That’s why now is a great time to consider increasing your exposure, or making your first allocation, to managed futures.
If you’re seeking more upside potential while still protecting your portfolio’s downside, an annual portfolio rebalance is a great opportunity for investors to diversify risk. Plus, investors can now “buy low” into managed futures.
As a true diversifier, this strategy historically delivers both lower risk and increased returns—because it takes a different kind of risk than stocks and bonds.
One way to rebalance this year
Reviewing the performance of stocks, bonds and managed futures through November 2016 reveals a pretty typical year for a properly diversified portfolio: one portion up, one down and one relatively flat.
As you can see, an investor could properly rebalance the risk of this diversified portfolio by making only modest changes. In early 2017, you could:
- Sell high: reduce exposure to stocks by 3% to potentially capture some of the gains
- Buy low: Increase exposure to both bonds and managed futures by 2% and 1% respectively to potentially take advantage of the recent underperformance of both bonds and managed futures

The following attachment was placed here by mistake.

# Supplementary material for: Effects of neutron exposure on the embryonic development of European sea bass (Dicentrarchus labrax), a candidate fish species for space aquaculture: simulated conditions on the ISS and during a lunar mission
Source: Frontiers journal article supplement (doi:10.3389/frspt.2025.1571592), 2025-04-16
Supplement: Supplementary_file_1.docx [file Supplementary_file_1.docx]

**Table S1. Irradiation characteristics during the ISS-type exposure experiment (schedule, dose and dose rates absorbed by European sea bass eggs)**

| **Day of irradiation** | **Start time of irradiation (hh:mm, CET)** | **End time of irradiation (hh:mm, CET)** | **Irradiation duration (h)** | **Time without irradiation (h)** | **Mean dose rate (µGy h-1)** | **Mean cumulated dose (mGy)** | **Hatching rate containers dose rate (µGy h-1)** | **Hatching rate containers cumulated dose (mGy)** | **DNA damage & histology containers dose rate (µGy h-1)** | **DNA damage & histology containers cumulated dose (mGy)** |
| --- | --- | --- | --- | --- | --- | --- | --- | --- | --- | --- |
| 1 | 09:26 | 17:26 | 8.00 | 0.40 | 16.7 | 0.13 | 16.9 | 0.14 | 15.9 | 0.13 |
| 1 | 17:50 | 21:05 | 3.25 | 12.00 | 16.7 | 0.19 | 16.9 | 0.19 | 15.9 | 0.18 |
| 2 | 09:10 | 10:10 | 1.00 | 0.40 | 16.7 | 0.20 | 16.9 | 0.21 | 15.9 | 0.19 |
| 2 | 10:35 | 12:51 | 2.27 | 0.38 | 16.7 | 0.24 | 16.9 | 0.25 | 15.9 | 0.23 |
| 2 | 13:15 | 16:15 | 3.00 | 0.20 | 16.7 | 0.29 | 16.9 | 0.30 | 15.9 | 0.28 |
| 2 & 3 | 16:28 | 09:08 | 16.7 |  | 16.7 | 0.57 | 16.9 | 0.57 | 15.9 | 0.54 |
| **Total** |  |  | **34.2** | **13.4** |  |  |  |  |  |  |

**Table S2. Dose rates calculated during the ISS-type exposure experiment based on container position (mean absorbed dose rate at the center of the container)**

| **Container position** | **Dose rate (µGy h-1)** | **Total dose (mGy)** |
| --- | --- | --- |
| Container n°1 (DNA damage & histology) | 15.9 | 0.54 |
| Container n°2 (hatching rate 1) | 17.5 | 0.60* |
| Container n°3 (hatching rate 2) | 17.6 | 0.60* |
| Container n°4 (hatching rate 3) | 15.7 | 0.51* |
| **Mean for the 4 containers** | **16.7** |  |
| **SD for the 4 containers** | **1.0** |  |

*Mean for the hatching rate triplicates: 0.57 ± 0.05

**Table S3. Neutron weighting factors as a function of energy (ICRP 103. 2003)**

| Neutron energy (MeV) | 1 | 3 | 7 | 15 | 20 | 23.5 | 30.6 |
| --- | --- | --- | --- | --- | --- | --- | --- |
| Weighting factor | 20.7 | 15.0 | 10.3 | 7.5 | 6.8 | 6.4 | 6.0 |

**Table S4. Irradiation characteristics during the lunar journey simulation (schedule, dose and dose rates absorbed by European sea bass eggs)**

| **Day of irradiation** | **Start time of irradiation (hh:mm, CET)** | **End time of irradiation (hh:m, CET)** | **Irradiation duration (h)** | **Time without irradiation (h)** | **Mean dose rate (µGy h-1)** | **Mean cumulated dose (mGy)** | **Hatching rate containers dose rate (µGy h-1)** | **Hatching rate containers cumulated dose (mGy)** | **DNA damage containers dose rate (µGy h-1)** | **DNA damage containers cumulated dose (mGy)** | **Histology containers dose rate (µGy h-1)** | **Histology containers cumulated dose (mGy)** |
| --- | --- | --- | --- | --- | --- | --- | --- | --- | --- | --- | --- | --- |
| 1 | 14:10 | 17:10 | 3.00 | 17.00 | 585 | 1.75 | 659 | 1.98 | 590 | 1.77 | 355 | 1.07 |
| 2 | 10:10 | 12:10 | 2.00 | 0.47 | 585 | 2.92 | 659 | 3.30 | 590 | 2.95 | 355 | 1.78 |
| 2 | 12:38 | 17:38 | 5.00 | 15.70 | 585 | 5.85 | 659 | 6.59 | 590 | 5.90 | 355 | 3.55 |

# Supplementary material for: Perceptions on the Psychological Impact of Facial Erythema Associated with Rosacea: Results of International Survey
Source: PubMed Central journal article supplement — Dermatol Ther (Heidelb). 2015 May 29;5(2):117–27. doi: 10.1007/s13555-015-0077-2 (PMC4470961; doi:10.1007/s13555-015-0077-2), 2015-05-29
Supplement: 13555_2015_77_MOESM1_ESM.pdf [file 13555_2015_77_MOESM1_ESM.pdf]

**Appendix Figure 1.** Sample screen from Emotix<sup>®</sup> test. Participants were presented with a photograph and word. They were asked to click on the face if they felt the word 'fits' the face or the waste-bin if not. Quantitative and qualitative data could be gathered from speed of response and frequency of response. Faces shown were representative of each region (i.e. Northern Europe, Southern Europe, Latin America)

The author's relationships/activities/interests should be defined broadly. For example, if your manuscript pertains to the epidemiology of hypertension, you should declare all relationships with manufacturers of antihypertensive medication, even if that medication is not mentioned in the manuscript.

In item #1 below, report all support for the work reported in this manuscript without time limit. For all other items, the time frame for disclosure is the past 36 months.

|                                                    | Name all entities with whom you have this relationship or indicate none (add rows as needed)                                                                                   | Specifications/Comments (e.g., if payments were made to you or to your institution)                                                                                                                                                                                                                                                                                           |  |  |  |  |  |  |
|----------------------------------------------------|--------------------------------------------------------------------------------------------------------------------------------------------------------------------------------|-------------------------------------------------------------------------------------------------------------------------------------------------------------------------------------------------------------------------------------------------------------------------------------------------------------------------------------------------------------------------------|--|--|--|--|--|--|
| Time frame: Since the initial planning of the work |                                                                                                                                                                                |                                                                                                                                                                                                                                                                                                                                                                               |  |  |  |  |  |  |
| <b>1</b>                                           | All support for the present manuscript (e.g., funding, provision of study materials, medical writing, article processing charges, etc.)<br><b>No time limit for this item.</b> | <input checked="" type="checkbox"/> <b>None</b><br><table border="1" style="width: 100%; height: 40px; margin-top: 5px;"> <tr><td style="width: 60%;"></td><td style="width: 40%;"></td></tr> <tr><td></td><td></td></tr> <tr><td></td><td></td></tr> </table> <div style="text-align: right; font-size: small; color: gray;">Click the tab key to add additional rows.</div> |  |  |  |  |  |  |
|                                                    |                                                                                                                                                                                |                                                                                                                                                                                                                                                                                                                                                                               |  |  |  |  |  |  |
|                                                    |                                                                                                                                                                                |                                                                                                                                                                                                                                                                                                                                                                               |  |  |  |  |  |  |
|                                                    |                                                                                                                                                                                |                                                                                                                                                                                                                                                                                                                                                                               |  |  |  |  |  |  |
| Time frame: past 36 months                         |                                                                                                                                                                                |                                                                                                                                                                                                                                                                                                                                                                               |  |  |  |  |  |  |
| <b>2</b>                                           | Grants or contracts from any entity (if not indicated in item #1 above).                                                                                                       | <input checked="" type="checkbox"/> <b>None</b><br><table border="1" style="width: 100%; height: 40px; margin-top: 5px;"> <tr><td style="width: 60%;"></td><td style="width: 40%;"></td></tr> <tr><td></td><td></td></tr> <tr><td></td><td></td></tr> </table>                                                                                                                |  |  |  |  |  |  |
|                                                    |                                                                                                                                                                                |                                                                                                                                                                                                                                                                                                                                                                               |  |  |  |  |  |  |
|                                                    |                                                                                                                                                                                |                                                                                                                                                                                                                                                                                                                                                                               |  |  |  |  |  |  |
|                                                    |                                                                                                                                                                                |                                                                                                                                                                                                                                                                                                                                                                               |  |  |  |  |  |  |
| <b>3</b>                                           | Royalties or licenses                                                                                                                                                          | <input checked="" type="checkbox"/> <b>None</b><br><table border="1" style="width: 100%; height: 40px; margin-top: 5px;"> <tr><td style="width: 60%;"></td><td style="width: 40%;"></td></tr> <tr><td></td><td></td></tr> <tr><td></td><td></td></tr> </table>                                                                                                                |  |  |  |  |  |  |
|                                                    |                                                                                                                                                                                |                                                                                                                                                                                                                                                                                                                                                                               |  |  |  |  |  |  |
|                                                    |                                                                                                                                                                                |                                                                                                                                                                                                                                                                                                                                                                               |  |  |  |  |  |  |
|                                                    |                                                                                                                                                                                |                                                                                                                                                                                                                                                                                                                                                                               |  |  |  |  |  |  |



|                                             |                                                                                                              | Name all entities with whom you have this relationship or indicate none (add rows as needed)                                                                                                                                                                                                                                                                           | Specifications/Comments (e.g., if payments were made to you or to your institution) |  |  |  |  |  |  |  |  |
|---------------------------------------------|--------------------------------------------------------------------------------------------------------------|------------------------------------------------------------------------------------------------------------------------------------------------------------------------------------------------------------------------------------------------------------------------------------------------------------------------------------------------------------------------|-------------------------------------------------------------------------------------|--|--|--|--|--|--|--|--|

Small adjustments may drive dramatic long-term change
By sticking to a disciplined rebalancing routine, investors can realize better performance, lower volatility and lower drawdowns. But only if they rebalance risk by buying low and selling high when the opportunity arises.
This simple discipline can potentially produce powerful results, no matter the size of the account:
With just two steps:
- Diversify risk between stocks, bonds and managed futures
- Rebalance once per year
In 2016, stocks were up, managed futures were down and bonds were flat. But in other years, like 2008, the roles were reversed. Market conditions influence which portions of an investor’s portfolio are performing—and these constantly are changing through the investment cycle.
In the face of constant change, it’s best to stick to your discipline.